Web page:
Ella Mae Reynolds v. LaSalle Bank, N.A.

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CA 04-160

November 17, 2004


[NO. PR 2002-39-I]




Terry Crabtree, Judge

This is an appeal from an order denying appellant's motion to stay enforcement of a writ of assistance in a foreclosure action. Appellant raises three issues for reversal of that decision. She contends: (1) that the trial court erred in not conducting a hearing to inquire into her mental soundness, as requested; (2) that, if such a hearing had been convened, the trial court would have been authorized to consider a motion to quash service of process upon the appellant; and (3) that the trial court erred in entering a default judgment because no guardian had been appointed on her behalf. Because the arguments appellant raises provide no grounds for reversal, we affirm.

On August 30, 2000, appellant executed a note in the principal amount of $33,000 and a deed of trust in connection with her purchase of property in Altheimer, Arkansas. On March 22, 2002, appellee filed a complaint in foreclosure against appellant alleging that she had defaulted in her payments on the note. Appellant was personally served, but she filed no answer to the complaint, and a foreclosure decree was entered by default on March 17, 2003. Appellee thereafter purchased the property at the Commissioner's sale, and an order confirming the sale was entered on May 6, 2003.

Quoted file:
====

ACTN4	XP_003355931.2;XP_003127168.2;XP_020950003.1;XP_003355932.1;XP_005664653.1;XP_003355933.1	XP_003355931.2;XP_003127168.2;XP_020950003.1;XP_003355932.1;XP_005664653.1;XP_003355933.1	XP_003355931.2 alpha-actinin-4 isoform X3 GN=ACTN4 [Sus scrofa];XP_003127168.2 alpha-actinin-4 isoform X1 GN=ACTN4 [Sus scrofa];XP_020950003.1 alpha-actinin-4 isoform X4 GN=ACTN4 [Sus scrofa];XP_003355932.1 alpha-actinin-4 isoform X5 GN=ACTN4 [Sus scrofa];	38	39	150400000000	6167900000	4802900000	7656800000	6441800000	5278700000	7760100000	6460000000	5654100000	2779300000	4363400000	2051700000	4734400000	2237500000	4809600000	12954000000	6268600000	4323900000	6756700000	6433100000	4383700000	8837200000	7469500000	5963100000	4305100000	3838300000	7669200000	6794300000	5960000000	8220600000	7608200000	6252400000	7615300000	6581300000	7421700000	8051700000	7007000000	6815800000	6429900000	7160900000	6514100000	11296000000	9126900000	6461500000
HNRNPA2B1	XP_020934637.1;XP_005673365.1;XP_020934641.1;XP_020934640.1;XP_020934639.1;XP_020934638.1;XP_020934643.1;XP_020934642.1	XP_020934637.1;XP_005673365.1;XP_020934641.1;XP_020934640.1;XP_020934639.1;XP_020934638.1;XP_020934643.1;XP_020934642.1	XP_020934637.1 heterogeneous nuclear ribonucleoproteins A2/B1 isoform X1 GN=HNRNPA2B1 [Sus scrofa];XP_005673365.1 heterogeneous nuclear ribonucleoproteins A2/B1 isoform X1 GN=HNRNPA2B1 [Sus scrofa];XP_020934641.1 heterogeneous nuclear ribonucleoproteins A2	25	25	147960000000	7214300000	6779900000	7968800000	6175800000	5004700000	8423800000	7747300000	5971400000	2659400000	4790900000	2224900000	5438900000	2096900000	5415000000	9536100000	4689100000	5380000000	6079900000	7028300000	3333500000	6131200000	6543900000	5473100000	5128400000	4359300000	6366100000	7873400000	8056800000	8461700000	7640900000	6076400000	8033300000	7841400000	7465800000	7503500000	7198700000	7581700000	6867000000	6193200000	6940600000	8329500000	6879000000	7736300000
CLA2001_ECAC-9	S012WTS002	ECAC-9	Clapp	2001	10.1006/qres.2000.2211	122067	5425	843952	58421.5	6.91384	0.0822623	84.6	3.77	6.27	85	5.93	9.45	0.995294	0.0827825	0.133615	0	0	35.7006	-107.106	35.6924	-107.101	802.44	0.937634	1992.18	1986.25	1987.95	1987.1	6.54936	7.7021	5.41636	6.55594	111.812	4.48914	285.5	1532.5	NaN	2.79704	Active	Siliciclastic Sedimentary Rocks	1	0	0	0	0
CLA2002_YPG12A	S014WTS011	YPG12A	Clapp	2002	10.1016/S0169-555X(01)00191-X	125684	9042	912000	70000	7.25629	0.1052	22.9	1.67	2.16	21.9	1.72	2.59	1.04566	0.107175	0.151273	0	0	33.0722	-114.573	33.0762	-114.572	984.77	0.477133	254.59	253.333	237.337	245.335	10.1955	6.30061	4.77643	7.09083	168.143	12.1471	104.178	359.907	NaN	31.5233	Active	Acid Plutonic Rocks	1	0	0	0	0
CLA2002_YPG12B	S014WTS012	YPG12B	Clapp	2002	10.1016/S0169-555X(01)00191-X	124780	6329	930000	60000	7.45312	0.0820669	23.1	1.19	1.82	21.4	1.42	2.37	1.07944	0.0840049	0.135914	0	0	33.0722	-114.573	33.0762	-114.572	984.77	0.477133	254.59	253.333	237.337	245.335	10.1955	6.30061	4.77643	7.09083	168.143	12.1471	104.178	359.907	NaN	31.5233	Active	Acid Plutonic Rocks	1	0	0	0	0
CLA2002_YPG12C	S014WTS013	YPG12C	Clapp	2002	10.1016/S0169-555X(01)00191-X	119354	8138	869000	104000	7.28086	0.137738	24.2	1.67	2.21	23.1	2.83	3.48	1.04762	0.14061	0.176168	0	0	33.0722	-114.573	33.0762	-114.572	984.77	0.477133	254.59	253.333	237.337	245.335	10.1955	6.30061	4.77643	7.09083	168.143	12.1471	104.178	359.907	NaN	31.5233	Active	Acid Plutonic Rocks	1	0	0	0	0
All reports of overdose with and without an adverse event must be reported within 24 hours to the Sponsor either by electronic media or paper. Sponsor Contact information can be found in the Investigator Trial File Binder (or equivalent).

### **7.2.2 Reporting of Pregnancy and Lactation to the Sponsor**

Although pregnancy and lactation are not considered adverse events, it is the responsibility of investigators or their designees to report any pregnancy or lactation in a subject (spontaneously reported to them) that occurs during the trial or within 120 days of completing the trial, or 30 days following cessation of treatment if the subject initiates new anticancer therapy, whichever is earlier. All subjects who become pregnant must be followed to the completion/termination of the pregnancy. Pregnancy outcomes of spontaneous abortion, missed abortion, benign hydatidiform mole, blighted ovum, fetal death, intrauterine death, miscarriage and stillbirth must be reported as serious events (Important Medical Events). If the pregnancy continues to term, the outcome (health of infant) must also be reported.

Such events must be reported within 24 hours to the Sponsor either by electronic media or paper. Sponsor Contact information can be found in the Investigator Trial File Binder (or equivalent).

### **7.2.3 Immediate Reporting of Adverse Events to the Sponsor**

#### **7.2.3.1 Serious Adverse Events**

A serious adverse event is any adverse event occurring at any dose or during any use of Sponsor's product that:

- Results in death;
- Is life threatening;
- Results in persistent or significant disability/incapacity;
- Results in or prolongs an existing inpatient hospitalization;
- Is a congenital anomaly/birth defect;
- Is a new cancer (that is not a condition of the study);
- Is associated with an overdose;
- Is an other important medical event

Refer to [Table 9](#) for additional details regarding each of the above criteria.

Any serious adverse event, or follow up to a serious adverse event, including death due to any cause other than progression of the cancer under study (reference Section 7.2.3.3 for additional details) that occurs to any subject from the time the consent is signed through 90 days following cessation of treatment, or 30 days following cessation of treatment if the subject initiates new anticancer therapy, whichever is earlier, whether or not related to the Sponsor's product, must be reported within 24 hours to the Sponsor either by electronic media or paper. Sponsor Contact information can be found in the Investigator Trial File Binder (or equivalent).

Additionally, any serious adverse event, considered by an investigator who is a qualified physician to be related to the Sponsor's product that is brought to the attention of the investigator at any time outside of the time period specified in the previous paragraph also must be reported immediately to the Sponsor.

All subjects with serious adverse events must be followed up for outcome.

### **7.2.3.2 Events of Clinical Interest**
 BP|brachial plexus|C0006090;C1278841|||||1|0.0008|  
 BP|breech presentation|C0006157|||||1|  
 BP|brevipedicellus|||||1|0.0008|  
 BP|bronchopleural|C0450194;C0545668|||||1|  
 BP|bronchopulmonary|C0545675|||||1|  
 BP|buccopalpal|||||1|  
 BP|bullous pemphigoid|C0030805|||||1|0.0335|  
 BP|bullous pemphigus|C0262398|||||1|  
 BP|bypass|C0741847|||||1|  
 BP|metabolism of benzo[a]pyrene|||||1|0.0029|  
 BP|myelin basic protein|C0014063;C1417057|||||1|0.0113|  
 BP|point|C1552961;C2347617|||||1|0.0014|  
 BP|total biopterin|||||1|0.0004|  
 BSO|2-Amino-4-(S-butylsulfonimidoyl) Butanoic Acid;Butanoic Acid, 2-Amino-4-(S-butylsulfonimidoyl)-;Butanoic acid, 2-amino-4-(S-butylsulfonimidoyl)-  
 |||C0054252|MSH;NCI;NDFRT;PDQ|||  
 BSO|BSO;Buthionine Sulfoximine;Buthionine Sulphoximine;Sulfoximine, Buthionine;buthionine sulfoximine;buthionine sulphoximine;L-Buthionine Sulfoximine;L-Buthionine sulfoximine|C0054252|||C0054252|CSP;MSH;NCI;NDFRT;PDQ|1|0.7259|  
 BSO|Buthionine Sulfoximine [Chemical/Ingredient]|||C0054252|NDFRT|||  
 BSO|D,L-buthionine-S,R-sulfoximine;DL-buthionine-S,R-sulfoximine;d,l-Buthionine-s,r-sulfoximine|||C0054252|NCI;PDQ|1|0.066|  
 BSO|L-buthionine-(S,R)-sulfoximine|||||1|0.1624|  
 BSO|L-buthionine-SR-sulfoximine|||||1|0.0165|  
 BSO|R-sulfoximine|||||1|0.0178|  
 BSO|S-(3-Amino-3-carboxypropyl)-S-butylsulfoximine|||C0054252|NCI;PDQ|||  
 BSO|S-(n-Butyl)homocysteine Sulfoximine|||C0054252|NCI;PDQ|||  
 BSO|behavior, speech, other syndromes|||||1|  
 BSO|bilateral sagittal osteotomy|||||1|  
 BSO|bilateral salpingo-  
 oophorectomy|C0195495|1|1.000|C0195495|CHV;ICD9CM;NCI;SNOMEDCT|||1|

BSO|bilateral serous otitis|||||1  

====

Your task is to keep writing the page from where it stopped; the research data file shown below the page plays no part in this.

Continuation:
On September 25, 2003, appellee applied for a writ of assistance to oust appellant from the property. On November 19, 2003, appellant filed a motion to stay the writ of assistance. In this motion, appellant alleged that she was sixty-four years old and that she had been diagnosed with "symptoms of Alzheimer's Disease" on May 3, 2003. She asked that her removal from the property be postponed pending a hearing to determine whether she was competent and whether proper service and procedure had been had in the foreclosure proceedings. On that same date, the court entered a stay-order and set a hearing at 9:00 a.m. on November 25, 2003. The trial court denied appellant's motion by an order dated December 2, 2003. This appeal followed.